Home » Editor's Note » Celebrate Mother’s Day as Reality, not Idealized Perfection

Celebrate Mother’s Day as Reality, not Idealized Perfection

FoterTulipMothersDayHere’s the deal.

I’m not a mom. Yet. I want to be, but my husband and I have been walking through the perils of infertility on our way to parenthood. It is most likely that we will adopt or become foster parents. Or just the best godparents, aunt and uncle our fifteen nieces and nephews could ever want.

So Mother’s Day is a little tricky emotionally. Not quite as much as it might be for women who have recently miscarried, like one of my friends or this particular rabbi who would really, really like us to tone it down. And she’s at least half-right. There’s a lot of pink, a lot of painful reminders about what isn’t. What isn’t in our arms, what isn’t the way we’d thought it would be.

But then there is what is. An awesome husband. Understanding parents. Sweet in-laws. Four sisters and two sisters-in-law who are amazing mothers. A new sister-in-law with her own wonderful, charming mother. As I said before, FIFTEEN nieces and nephews.

So I celebrate that, even as part of me mourns. It doesn’t help to pretend that the holiday isn’t happening. There will be a lot of chocolate and flowers floating around this weekend. I’m excited to visit and share the holiday with my sister and my mother, and we will be having some of that chocolate together. But it would help to acknowledge that motherhood is a bit more complicated than often portrayed in popular media and in our churches.

For one thing, not everyone has a mother to celebrate. One of the searing memories of my mother’s childhood is being forced to make a Mother’s Day card after her mother died. In her day, that’s what you did in a first grade art class, apparently, whether or not you had anyone to receive your folded paper gift. There are mothers who generously give their babies to adoptive parents and foster mothers who are mothers for the moment. And then there are the people who bear the scars of mothers whose abuse still costs them and can not be celebrated.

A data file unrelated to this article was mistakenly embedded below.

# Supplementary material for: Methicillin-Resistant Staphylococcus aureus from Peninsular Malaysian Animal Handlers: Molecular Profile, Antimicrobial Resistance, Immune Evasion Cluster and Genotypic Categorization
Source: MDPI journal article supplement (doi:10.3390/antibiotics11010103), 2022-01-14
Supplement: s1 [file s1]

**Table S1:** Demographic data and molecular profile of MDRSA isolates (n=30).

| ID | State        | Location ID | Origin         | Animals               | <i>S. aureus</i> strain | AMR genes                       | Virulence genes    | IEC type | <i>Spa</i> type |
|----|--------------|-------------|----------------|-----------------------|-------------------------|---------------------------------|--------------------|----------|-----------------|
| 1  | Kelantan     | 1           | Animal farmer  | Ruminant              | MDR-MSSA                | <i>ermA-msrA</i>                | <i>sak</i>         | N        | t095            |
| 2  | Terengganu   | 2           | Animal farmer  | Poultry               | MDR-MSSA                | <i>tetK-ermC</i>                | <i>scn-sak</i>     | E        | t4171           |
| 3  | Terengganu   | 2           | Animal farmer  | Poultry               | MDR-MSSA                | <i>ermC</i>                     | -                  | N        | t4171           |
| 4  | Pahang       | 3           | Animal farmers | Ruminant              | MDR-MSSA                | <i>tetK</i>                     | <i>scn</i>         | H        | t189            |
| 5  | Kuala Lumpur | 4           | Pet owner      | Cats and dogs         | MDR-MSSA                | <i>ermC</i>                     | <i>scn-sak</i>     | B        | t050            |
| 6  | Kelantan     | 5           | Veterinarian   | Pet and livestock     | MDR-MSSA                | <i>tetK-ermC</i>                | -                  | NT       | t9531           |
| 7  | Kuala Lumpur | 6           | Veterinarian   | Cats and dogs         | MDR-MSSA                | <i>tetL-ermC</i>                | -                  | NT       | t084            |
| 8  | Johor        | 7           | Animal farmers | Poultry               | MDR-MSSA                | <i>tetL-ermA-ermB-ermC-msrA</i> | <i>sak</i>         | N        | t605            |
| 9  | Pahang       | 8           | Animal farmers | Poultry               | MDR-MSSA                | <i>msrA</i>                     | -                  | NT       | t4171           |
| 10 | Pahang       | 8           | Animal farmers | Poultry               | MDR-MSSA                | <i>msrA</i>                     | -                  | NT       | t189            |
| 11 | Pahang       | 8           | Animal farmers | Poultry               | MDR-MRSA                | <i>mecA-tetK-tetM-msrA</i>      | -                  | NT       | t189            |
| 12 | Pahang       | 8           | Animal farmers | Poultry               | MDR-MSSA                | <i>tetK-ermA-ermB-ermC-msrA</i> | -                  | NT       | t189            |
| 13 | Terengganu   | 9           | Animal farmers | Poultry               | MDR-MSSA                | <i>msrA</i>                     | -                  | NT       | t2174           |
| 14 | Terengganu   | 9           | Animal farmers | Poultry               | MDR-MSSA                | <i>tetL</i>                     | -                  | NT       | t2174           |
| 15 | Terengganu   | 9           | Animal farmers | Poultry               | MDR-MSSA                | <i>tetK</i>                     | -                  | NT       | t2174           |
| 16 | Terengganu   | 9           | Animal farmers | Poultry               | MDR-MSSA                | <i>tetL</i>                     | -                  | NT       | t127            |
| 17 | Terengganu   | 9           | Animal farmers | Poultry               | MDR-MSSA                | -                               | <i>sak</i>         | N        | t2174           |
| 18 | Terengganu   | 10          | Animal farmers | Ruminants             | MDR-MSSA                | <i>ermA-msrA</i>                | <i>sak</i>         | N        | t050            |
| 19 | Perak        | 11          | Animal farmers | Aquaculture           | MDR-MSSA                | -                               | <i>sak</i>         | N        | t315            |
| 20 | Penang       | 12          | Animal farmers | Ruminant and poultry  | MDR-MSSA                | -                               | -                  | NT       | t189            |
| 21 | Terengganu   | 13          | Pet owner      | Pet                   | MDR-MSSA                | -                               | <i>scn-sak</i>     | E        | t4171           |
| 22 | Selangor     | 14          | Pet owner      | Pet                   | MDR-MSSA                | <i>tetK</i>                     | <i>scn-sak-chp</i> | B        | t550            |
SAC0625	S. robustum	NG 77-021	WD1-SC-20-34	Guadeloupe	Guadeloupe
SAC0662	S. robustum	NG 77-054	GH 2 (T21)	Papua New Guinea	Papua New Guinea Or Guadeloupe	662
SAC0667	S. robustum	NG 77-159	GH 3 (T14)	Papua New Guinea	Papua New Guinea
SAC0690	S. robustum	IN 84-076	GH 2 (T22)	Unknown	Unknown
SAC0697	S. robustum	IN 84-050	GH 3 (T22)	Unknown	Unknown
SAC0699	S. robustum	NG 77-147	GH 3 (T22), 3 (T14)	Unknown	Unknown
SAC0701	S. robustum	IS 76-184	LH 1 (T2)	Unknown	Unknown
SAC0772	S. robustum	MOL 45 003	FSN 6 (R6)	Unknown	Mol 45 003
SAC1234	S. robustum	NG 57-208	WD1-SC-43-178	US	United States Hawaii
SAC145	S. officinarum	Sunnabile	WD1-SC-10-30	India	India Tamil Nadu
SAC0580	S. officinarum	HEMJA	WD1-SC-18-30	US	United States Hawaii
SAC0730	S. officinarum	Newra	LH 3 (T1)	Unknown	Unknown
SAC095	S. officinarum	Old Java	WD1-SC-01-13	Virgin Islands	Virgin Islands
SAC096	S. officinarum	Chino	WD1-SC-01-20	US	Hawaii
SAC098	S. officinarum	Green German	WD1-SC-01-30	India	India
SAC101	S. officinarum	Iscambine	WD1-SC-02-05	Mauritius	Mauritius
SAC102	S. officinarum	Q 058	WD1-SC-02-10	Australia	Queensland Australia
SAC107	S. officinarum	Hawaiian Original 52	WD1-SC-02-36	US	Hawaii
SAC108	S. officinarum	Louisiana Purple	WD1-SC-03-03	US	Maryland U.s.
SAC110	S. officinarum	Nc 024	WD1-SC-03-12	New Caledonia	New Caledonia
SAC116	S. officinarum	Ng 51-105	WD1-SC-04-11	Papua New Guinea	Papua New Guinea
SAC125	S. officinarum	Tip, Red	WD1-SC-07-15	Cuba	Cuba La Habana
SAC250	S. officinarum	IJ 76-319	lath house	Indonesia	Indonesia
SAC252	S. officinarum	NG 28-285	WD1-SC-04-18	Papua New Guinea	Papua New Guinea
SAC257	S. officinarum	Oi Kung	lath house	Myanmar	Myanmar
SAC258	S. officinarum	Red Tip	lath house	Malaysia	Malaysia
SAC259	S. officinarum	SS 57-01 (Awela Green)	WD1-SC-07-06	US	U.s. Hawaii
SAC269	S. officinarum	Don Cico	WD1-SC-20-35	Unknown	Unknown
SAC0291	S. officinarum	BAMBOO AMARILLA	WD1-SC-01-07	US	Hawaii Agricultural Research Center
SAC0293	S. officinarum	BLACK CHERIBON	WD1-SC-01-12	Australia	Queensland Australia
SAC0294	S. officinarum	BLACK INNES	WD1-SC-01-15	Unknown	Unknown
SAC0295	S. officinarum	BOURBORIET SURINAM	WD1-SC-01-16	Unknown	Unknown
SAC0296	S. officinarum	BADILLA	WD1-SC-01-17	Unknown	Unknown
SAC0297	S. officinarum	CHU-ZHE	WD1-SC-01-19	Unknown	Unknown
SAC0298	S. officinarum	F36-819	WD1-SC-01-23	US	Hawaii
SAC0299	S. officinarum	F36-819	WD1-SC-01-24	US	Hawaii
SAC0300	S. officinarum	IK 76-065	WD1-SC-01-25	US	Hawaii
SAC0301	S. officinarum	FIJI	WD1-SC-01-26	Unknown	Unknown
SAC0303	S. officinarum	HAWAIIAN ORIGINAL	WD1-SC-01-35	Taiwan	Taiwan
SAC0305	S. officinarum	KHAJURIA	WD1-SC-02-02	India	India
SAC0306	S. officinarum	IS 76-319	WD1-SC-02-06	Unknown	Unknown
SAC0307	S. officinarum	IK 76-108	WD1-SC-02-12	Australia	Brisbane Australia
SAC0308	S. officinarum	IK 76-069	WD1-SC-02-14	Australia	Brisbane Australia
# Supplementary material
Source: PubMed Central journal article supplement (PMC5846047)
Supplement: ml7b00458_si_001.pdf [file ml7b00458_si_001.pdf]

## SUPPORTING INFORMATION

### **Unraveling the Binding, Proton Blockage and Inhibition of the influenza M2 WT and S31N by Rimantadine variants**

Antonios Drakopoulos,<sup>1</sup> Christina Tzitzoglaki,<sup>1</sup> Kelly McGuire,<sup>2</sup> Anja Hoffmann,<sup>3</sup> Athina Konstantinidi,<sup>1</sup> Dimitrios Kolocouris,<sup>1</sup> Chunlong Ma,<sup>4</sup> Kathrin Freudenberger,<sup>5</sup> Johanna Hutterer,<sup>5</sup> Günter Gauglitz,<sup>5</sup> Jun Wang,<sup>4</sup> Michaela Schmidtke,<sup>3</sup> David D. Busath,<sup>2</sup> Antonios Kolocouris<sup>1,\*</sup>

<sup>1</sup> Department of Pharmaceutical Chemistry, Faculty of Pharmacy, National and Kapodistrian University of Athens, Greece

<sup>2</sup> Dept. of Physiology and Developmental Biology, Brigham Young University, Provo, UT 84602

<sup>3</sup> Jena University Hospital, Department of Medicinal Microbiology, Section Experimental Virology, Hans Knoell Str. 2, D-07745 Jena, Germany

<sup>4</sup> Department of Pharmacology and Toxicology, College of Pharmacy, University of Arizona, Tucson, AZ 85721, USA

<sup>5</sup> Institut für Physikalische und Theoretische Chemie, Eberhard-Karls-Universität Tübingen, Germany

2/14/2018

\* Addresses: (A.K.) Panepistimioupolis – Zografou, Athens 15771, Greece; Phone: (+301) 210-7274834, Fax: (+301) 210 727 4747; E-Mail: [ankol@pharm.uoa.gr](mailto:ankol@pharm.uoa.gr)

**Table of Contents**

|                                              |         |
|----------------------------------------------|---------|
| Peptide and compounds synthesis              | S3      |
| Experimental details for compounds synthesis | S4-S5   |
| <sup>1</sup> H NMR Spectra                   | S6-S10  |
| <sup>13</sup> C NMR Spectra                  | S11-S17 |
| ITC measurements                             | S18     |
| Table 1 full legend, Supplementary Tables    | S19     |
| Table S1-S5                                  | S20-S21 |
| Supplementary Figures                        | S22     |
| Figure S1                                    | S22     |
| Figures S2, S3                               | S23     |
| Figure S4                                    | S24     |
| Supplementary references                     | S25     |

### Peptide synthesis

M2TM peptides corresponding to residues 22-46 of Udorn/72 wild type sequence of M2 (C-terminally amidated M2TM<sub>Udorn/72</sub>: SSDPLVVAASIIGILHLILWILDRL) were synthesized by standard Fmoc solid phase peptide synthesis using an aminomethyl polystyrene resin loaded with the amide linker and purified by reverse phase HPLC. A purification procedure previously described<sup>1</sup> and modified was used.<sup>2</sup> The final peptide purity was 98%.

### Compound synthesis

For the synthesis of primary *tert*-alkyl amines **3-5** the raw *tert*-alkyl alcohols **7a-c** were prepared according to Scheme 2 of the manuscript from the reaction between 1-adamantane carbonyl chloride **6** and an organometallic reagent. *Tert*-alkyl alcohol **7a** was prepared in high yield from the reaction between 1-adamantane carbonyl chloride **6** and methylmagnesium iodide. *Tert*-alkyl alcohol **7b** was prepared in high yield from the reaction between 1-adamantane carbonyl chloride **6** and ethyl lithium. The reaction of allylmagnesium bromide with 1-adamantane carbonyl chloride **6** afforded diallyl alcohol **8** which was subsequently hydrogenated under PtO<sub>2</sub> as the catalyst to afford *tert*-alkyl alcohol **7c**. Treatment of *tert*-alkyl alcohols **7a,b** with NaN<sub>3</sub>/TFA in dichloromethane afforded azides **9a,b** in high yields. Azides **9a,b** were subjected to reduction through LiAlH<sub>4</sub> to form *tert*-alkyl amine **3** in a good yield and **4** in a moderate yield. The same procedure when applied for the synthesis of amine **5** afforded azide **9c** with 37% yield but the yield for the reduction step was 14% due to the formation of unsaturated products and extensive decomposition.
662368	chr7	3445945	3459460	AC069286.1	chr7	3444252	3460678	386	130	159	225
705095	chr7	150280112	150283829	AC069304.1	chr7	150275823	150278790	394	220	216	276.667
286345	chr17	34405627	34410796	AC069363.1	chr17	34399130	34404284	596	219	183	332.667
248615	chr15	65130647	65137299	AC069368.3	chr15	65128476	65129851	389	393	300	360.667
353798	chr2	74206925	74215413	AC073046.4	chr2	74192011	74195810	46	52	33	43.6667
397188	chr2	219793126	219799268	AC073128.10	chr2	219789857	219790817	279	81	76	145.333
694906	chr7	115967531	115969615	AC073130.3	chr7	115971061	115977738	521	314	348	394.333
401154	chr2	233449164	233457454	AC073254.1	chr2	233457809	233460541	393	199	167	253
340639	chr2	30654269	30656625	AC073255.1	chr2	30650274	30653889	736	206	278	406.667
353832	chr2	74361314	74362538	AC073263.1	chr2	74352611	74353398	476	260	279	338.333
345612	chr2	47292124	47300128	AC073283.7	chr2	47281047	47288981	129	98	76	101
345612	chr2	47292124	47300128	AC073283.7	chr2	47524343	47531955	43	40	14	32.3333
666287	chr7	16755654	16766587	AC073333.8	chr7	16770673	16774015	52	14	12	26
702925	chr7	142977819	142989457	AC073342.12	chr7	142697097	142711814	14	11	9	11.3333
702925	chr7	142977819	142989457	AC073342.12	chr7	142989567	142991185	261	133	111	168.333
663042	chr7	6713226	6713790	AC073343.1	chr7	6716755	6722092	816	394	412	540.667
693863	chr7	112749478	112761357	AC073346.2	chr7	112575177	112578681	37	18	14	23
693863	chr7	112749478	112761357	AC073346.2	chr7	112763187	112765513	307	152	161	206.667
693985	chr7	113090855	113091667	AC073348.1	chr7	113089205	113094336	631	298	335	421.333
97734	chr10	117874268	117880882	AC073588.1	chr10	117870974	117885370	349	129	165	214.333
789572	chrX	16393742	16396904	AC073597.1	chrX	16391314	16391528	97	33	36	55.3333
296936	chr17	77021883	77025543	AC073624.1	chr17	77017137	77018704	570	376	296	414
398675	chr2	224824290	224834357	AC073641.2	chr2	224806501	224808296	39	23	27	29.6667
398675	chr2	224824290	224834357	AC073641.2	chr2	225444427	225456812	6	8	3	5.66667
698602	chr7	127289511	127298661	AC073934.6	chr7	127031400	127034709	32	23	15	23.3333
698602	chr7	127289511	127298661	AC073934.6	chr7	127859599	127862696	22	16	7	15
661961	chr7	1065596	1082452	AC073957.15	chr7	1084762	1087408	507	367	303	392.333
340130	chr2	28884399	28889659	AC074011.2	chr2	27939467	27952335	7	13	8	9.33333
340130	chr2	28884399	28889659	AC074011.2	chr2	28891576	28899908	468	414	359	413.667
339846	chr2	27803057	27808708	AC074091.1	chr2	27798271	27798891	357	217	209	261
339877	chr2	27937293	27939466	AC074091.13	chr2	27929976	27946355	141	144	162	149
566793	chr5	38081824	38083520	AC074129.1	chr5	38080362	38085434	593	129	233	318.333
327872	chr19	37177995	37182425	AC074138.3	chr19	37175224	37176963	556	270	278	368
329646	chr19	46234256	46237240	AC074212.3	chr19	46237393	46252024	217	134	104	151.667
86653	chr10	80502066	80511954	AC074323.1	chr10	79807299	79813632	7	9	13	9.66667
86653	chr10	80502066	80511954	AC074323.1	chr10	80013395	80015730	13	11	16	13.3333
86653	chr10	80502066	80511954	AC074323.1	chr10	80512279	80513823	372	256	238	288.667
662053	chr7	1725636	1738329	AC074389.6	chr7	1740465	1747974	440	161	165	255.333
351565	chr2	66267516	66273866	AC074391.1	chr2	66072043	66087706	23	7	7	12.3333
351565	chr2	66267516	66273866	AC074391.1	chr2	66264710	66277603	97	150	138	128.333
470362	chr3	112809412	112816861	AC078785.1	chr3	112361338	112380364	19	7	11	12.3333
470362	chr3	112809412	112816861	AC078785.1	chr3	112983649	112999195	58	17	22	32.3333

There are mothers who triumph against the weight of their destructive family histories, and mothers who struggle to lose that baby weight. There are mothers who find themselves pregnant, and single, and lost, and mothers who love being pregnant way more than parenting. Mothers who love the baby part and others who rock the teen part and mothers who just juggle the best they can until their kid learns to juggle too.

Sometimes we have this picture of motherhood that does not involve vomit or blood or meetings in the principal’s office. All of those things seem to happen to most mothers at some point. They also happen to teachers, who get an entire national week of appreciation (often organized and facilitated by the school’s mothers). One single day in May hardly seems enough, and it isn’t. We can never tell our mothers that we love them too often. We can never try hard enough to honor them through our behavior and accomplishments.

But we also can not forget the women who aren’t yet, and may never be, mothers. We must not forget the mothers who have buried their children, and those who are waiting for them to come home. We can acknowledge the mothers facing challenges they never expected. We can remember those who are mourning the death of their own mothers. We can count our own blessings, and open our arms and hearts to others.

Photo credit: zenera / Foter / Creative Commons Attribution-ShareAlike 2.0 Generic (CC BY-SA 2.0)


2 Comments

  1. […] Celebrate Mother’s Day as Reality, not Idealized Perfection […]

  2. Poignantly and wonderfully spoken LH. I still struggle with the commercialism and micro-focused quality of this holiday. I considered myself a mother in many ways before I ever birthed a child, but never received any Mother’s Day gifts. I remember an aunt apologizing because she had wished me a Mother’s Day “accidentally”. In my mind, I wanted to say, “I’m sorry I don’t carry the card, but my life has included so much mothering, I should be allowed membership!” Instead I just said, “it’s ok, no apology necessary”. Like all holidays, there is a shadow side that many seem to ignore. There is pain and a need for compassion. I am grateful for knowing you and knowing that you have the words to articulate this so beautifully.

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